Taking a page from 1984 and other dystopian novels, Jasper Fforde creates a horrid English future, but without the usual tropes of the genre such as storm troopers, surveillance robots, or a super-computer. What time in the future this new series is set is not fully revealed, but Fforde does give hints, suggesting that (from my point of view) its somewhere in the late 24th or early 25th Century. History is relegated to a centuries-ago "Previous," which came to an abrupt end by "Something That Happened."
In Shades of Grey we are introduced to the citizens of Chromatacia who are layered by color, which are funneled and continually adjusted by underground pipes that also maintain the greener than green parks and brightly hued storefronts of a society whose leader, the axiom-prone Munsell, may or may not exist. Chromatacia has a sort of Boy Scout way of doing things insomuch as merits are given out for good behavior and keeping the status quo. Demerits are given for some of the smallest infractions, and they come with instructions on how humility is better. Humility keeps people from asking too many questions and thus keeps it populace busy doing pointless tasks. At the top are the arrogant Yellows and the bottom is the Greys, who are treated with a sort of respect (because “rules are rules,”) but are treated like cheap labor –which is a problem, as there seems to be a labor shortage going on. What we have in between is an assortment of color-coded middles with Last Names right out of any paint catalog. All these middles are in an endless quest for any sort of minor upward mobility that will enhance their color. And here, you are what you see, and perception is limited by an individual's access to gradations of his own or other colors, and social order depends upon the incuriosity of its citizens from birth until they die, appropriately, of the dread disease Mildew. But like any totalitarian society, there are leaks and there are traces of that long gone society all over the place. The traces that remain of that bygone world are available to a ghostly underclass that roams free because the populace is under orders to pretend they're invisible, or to those with enhanced perception.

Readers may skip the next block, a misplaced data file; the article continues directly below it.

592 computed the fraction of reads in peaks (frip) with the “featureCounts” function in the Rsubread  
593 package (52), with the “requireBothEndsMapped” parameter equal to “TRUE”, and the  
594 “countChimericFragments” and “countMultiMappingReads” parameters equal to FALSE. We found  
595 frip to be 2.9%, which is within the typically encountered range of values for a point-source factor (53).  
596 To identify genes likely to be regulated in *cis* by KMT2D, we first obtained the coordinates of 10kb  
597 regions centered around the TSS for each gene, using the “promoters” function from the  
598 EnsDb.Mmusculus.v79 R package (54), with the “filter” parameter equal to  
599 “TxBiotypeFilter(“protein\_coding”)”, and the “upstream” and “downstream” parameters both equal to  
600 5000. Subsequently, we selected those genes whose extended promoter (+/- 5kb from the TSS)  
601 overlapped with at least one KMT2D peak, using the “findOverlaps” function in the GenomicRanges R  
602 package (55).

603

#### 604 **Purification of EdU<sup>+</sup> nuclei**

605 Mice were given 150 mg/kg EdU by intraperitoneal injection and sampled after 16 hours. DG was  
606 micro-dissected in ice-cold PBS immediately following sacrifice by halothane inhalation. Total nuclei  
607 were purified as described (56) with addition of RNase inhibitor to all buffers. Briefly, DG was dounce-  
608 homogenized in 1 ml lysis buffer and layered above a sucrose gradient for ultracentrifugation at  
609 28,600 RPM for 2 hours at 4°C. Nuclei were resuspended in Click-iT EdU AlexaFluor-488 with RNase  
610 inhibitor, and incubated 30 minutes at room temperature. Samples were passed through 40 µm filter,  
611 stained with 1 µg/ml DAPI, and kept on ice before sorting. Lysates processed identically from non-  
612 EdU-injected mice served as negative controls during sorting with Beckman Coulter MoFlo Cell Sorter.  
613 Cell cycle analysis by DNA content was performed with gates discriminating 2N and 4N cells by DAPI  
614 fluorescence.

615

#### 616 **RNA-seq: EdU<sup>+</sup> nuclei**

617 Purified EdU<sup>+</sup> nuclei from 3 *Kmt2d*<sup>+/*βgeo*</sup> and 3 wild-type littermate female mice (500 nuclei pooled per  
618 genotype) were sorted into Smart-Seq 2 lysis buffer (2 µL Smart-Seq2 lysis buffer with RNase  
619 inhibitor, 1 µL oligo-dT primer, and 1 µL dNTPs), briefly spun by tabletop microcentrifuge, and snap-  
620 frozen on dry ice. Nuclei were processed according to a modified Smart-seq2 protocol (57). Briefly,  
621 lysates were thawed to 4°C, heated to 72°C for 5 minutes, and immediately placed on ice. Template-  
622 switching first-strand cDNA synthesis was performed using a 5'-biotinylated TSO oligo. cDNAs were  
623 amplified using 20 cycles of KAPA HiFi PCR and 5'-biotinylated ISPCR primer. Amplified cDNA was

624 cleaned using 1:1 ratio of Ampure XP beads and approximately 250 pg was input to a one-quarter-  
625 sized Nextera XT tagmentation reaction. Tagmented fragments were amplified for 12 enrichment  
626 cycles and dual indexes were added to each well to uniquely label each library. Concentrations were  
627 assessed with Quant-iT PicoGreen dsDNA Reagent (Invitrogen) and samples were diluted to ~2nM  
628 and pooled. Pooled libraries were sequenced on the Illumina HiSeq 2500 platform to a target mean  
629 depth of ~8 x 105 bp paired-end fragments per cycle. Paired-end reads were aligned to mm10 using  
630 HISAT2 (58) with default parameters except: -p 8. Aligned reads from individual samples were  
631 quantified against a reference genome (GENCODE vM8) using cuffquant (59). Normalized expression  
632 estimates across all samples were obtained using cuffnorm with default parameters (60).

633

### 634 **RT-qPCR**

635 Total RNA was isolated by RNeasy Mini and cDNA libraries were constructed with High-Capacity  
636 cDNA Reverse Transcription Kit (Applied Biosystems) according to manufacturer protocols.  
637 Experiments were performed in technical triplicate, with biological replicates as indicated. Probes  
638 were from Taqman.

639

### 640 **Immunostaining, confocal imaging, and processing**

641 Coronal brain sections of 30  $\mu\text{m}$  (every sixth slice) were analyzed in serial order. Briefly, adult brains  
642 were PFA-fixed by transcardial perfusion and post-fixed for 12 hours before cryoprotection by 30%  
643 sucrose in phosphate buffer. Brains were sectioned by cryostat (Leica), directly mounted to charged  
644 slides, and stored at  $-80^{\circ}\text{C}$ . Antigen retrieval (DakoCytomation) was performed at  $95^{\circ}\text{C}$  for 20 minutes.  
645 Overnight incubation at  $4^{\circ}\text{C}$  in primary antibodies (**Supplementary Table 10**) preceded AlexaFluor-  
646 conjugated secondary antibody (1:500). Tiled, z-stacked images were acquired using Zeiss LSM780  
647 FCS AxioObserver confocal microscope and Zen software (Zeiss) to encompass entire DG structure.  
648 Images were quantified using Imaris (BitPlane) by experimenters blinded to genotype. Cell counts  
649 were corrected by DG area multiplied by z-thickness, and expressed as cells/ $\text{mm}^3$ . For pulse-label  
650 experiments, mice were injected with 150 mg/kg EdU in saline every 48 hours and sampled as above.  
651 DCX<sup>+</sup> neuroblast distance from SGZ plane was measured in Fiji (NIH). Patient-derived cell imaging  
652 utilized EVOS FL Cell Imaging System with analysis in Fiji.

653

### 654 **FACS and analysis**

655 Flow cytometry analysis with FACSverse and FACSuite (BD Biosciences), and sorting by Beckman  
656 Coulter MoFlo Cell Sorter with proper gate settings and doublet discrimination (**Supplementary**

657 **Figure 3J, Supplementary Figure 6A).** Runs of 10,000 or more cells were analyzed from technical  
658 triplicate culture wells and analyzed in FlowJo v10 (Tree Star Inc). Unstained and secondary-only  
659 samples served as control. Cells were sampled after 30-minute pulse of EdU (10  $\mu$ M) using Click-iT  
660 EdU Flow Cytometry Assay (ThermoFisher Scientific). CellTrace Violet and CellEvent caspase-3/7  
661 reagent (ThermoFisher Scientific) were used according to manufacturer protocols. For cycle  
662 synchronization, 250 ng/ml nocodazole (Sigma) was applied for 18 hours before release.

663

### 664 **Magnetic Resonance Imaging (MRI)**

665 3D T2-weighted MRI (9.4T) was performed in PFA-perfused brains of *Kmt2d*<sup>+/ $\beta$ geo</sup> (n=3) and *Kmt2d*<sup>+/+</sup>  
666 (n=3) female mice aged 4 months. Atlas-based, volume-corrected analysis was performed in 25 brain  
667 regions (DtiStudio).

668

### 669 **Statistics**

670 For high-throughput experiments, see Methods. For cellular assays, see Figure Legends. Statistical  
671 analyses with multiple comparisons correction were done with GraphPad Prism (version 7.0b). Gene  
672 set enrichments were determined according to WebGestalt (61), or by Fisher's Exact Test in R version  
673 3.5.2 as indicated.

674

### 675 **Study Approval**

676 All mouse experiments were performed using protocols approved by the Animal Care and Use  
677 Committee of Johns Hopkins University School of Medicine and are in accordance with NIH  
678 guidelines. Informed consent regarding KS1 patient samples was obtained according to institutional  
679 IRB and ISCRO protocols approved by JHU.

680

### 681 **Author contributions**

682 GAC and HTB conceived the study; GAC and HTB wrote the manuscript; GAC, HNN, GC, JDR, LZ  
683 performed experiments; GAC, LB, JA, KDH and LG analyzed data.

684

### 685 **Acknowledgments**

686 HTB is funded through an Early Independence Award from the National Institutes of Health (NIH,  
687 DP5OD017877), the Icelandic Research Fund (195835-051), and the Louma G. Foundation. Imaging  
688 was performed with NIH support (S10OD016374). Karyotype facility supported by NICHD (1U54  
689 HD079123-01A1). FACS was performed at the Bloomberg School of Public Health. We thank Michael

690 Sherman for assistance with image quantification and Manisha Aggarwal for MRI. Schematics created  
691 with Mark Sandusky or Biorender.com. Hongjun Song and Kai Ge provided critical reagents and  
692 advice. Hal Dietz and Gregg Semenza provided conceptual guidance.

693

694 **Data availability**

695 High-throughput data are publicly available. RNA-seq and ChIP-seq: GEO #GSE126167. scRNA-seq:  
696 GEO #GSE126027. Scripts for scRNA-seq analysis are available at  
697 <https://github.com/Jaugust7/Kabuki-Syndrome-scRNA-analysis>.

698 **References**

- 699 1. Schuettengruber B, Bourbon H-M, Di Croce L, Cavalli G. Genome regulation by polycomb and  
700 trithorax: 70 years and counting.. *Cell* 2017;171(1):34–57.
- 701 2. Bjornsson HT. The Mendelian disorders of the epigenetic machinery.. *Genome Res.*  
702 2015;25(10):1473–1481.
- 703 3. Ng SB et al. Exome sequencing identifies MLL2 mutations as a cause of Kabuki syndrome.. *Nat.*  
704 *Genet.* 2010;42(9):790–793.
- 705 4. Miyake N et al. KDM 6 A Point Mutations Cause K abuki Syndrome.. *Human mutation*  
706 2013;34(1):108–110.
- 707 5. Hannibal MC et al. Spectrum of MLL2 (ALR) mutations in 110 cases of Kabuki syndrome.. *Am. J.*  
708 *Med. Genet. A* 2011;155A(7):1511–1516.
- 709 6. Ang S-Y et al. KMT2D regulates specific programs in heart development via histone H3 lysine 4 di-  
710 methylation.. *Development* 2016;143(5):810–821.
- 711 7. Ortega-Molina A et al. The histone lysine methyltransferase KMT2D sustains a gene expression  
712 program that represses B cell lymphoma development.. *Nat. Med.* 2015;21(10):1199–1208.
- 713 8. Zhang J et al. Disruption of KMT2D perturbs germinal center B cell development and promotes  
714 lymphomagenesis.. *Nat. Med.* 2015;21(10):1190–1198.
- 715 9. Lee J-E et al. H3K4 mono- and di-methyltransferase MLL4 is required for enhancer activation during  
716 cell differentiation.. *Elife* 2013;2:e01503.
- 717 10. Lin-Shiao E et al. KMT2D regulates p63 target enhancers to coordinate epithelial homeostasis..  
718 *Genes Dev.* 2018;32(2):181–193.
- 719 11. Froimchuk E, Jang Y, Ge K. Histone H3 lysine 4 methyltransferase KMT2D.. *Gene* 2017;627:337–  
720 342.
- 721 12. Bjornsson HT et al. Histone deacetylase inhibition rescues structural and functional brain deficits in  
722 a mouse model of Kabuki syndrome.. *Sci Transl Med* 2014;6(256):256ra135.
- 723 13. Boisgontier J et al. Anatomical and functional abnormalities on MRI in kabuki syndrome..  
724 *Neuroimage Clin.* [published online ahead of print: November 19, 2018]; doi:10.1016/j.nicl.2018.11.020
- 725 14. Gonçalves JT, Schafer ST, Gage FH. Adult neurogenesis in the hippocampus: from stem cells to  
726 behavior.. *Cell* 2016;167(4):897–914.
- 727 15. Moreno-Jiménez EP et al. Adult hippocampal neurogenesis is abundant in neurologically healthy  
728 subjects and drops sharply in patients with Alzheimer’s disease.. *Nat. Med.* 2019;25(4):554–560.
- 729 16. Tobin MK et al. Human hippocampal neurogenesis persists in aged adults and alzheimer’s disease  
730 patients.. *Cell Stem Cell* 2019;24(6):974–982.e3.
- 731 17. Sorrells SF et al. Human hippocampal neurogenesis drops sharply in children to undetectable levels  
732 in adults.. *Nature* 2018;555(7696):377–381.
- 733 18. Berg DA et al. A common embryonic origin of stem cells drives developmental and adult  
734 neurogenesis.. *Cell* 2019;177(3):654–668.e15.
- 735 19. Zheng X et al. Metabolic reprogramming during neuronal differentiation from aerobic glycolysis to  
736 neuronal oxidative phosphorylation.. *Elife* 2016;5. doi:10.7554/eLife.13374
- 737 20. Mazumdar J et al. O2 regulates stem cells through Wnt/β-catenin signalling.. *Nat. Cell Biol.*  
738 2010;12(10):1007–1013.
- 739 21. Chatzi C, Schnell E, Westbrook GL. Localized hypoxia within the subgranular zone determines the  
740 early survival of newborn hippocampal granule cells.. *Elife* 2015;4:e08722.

Entering stage left, is 20 year-old Eddie Russett and his father into the Outer Fringe town of East Carmine. Eddie has a middling color, but he’s also gifted with a powerful ability to see more Red than he should, but he’s been sort of “exiled” here after running afoul of Prefects of his home town, Jade-Under-Lime, who did not like his idea of improving queue lines. But things go a bit out of hand almost as so as he arrives, as he discovers Jane –a Grey with an attitude who threatens to break Eddie’s jaw- who seems to hold secrets about many things. Soon Eddie discovers the leaks within Chromatacia, East Carmine and the Head Office. And his curiosity about the death of a resident and his desire to be closer to Jane may end up getting him killed as he begins to understand that all is not well.
In Shades of Grey, we see a lot of bad things happen to good people (keep in mind Spock’s saying of the “needs of the many”), and we see a creative spin on a totalitarian society by the ever clever Jasper Fforde, who also created another brilliant universe with his Thursday Next series. The one drawback to Shades of Grey is that Fforde seems to enjoy this World Building so much so, at times, it costs in the narrative flow of the book. Like the first Thursday Next book, which seemed to take forever to get going due to this, Grey suffers the same fate. Still, if you stick with it, your rewarded with Fforde’s brilliant, literate humor and supporting characters right out of a Charles Dickens novel.